Sarah Zanotti, co-writer/actress (Rattled and Faye, now on VOD and digital)

“I saw Halloween [1978] when I was 9, unbeknownst to my parents. I became paranoid about the idea of a killer in a white mask following me home from the school bus stop. The Halloween theme song became the backdrop to my repeated nightmares. Yes, parts of Faye are based on these influences.”

Kd Amond, co-writer/director (Rattled and Faye, now on VOD and digital)

“For me it’s The Exorcist [1973]. I was 12 when I first attempted it, and I was raised way too Catholic for that shit! I’ve since come to appreciate everything about it, and it’s one of my favorite films. But, if I see Linda Blair’s face without warning, I’m briefly paralyzed. That’s the scariest makeup ever put on film.”

Emerson Moore, co-writer/director (Escape the Field, now in theaters and on digital and VOD)

“The film that stands out for me is John Carpenter’s The Thing [1982]. I saw the film at a young age, and it definitely marked a change in the way I looked at film. It scared the crap out of me, but ultimately set me on a path that led to filmmaking.”

Mick Garris, director (The Stand, The Shining, Sleepwalkers, Nightmare Cinema) and podcast host (Post Mortem, on Apple Podcasts)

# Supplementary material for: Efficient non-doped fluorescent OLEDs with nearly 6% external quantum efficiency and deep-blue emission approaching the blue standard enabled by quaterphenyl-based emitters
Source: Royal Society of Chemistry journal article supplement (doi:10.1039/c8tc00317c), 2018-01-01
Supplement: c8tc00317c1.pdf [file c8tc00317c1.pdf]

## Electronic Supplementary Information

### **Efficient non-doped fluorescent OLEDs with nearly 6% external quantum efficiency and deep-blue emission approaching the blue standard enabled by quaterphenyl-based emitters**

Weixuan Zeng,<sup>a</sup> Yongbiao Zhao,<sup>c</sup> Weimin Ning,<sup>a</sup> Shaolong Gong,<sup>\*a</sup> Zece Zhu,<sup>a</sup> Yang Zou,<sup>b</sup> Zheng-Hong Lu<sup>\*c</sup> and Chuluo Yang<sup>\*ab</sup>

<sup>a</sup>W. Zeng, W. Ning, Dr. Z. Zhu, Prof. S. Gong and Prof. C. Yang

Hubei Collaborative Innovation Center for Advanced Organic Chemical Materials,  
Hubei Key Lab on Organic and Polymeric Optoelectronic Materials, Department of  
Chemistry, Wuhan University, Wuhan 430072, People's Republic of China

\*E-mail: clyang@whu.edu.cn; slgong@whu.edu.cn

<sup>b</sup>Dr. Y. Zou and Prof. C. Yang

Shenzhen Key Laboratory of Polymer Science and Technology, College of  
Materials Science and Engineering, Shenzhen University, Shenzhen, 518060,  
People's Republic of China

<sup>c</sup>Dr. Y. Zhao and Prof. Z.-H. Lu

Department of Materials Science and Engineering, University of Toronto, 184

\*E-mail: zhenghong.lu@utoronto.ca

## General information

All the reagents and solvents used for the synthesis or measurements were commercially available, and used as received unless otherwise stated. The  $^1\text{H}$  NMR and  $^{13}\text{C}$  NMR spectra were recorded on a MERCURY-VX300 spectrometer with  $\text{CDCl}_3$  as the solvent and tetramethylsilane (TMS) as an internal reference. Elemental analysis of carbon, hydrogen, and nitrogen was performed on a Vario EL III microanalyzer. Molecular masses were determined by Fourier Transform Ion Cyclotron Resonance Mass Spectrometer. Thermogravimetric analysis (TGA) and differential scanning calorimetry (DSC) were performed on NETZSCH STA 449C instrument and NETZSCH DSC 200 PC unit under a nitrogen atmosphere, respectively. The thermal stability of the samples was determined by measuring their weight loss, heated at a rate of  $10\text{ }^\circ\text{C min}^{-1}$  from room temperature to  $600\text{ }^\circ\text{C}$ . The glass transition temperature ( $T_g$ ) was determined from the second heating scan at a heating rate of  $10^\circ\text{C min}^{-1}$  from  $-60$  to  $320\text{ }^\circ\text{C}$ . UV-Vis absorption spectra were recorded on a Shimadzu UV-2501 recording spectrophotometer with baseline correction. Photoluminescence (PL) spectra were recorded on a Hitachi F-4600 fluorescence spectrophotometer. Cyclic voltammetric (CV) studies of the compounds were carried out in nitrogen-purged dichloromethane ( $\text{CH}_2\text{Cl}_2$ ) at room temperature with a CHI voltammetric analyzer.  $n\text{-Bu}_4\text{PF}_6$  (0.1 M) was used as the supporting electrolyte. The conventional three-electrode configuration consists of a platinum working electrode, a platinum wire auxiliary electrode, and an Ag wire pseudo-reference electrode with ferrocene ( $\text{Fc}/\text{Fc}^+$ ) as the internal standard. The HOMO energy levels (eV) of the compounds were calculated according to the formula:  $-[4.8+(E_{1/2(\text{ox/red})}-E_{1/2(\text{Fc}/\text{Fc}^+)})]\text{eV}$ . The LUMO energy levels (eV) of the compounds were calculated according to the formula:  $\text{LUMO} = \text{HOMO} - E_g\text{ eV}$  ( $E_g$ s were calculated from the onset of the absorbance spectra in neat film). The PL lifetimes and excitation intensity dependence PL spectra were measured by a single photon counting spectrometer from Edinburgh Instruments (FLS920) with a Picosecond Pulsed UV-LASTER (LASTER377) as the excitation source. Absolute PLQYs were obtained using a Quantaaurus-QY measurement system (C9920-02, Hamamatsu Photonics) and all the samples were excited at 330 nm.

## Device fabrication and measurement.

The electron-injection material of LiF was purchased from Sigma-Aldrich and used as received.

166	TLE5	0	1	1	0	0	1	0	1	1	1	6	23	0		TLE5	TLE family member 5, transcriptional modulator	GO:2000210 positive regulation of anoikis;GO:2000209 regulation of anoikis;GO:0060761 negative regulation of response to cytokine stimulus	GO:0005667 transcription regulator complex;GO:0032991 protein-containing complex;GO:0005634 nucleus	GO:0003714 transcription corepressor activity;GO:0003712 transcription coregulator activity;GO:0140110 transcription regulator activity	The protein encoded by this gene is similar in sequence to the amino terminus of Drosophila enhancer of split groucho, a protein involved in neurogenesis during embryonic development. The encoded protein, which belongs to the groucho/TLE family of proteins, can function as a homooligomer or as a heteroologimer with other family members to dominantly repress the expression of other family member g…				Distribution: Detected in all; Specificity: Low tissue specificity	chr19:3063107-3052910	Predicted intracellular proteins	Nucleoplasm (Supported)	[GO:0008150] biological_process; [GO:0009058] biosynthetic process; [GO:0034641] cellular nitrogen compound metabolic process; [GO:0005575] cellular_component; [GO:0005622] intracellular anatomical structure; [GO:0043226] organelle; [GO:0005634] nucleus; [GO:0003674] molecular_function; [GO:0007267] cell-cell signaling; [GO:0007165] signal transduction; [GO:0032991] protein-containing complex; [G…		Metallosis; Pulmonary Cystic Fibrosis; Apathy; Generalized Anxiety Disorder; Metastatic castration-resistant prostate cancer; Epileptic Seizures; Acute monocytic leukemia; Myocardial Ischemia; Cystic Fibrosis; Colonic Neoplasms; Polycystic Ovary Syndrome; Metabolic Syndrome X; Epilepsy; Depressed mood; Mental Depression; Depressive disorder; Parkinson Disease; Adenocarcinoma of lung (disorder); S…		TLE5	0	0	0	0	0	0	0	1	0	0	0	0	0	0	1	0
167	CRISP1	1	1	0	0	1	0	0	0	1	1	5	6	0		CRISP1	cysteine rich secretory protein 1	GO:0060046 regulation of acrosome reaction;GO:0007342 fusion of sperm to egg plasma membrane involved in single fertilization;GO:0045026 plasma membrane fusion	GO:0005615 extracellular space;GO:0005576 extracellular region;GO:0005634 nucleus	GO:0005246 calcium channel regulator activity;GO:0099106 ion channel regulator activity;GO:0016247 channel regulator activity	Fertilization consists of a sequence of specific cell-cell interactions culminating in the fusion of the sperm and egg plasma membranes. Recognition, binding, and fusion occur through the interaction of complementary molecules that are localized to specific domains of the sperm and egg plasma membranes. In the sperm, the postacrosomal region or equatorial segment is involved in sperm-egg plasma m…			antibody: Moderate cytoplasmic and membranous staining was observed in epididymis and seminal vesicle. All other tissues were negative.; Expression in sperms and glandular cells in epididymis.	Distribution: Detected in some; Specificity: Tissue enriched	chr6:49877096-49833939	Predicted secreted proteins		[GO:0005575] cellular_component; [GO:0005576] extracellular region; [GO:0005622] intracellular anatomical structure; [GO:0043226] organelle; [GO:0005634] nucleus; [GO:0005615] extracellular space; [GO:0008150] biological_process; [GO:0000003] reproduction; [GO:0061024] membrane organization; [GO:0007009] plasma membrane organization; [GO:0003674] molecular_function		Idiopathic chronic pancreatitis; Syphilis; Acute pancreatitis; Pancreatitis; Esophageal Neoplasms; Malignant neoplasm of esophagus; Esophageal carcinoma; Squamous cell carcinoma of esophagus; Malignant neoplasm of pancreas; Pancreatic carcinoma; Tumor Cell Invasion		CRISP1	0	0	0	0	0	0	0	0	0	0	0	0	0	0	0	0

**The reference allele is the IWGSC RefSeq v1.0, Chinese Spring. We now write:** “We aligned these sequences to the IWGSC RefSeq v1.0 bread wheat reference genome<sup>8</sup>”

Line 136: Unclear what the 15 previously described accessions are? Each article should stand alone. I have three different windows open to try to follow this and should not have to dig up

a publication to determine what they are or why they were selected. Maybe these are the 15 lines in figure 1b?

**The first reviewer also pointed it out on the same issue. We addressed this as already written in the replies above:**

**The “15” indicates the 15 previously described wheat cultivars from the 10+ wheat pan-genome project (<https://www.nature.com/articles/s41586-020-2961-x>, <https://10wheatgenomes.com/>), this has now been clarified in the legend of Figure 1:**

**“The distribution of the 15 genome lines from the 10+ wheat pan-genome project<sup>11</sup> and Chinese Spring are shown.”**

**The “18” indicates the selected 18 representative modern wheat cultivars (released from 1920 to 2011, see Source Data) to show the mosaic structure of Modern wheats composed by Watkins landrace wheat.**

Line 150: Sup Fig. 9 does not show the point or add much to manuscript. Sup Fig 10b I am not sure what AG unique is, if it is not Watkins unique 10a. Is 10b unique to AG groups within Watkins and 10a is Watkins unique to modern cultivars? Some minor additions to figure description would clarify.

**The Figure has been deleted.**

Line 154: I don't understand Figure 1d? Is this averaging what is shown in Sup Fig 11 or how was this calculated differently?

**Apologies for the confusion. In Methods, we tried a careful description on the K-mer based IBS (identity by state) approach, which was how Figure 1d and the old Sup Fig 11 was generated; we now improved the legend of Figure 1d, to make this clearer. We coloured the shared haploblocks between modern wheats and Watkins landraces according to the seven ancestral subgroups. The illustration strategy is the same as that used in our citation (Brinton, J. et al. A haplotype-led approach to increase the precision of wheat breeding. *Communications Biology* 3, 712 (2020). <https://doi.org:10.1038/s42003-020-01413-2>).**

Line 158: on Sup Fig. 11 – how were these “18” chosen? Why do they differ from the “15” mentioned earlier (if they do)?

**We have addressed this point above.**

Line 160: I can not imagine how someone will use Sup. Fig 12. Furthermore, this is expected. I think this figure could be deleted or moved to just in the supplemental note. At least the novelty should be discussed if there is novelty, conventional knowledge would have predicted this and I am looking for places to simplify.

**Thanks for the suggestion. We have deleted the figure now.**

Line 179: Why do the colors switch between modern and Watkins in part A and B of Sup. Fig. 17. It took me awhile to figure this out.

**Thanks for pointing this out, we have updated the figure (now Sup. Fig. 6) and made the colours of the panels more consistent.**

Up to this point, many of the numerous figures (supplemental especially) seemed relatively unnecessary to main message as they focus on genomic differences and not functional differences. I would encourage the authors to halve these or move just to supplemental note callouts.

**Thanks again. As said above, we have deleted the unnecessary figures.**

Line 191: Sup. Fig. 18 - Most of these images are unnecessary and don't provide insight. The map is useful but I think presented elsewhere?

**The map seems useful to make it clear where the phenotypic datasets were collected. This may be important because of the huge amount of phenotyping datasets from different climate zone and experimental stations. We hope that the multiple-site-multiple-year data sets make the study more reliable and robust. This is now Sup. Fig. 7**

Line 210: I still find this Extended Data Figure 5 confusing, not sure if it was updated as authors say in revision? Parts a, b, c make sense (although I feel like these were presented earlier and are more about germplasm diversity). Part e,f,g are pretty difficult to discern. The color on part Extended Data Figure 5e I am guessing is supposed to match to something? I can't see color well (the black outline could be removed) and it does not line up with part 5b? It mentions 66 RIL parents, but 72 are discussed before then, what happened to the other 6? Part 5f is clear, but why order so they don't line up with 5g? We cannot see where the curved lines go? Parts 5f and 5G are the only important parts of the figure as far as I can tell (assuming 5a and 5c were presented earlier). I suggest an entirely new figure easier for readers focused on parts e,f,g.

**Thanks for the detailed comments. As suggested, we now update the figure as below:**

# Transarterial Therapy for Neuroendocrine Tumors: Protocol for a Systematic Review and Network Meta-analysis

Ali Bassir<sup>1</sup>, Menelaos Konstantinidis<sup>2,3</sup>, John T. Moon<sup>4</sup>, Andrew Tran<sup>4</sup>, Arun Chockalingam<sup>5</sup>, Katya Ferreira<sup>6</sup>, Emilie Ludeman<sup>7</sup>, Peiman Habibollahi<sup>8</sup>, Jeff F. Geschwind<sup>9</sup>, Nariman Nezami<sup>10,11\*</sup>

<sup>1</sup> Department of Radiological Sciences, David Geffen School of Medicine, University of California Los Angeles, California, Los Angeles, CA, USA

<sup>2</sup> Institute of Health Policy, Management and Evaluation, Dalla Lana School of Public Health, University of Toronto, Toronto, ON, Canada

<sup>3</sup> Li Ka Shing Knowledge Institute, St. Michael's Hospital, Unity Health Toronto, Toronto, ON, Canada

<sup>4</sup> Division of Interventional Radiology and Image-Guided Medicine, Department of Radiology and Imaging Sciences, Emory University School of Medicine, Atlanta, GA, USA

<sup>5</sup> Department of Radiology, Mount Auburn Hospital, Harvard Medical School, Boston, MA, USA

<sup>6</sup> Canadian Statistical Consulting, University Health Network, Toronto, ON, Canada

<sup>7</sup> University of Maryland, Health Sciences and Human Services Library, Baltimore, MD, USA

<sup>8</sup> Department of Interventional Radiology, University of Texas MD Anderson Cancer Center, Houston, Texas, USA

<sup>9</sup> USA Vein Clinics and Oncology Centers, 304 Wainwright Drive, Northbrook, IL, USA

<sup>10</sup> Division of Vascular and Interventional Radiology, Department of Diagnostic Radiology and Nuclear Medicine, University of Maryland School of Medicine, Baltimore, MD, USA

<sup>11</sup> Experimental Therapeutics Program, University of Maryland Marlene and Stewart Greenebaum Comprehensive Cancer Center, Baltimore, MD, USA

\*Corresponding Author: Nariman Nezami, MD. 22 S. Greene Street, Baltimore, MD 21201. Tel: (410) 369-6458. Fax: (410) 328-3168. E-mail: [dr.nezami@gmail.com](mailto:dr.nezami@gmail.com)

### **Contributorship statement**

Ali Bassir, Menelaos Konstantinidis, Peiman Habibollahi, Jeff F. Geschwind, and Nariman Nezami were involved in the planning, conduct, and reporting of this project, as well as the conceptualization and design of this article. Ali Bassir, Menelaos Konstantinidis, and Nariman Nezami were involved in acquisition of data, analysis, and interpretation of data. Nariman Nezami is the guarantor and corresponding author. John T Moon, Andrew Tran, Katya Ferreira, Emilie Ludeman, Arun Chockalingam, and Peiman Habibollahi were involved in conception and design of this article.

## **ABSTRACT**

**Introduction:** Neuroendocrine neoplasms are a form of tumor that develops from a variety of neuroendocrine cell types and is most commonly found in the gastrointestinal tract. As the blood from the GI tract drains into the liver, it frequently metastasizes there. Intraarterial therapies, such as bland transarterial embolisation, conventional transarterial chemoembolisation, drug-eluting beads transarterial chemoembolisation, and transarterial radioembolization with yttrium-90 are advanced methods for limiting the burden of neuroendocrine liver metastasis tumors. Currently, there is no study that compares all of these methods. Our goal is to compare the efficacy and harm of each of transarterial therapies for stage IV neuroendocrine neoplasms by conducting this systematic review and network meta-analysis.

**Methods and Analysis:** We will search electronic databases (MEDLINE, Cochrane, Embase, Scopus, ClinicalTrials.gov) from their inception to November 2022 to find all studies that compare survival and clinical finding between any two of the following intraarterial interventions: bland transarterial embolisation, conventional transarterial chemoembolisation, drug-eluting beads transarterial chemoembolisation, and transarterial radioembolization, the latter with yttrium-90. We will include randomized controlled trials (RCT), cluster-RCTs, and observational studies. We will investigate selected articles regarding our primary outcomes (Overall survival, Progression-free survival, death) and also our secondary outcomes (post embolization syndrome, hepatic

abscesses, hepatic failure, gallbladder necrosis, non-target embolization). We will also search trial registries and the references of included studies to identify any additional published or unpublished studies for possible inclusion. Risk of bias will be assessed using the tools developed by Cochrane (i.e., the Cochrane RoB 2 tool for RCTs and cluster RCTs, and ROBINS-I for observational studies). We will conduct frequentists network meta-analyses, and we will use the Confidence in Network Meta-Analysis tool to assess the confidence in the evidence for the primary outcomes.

“Well, that would surely have to be Psycho [1960]. My family of three brothers and a sister went to see Hitchcock’s masterpiece together at the Reseda Drive-In in the San Fernando Valley (where Peter Bogdanovich shot Boris Karloff in Targets). In those days, horror movies were thought of as being for kids, but this was something very different, of course. It was so deranged and twisted for this little 7- or 8-year-old mind that it burrowed deep into my head and stuck with me forever. I never would have guessed that 30 years later, I would be taking that trip even deeper when I was fortunate enough to direct Psycho IV: The Beginning and submerge myself in a lifelong nightmare!”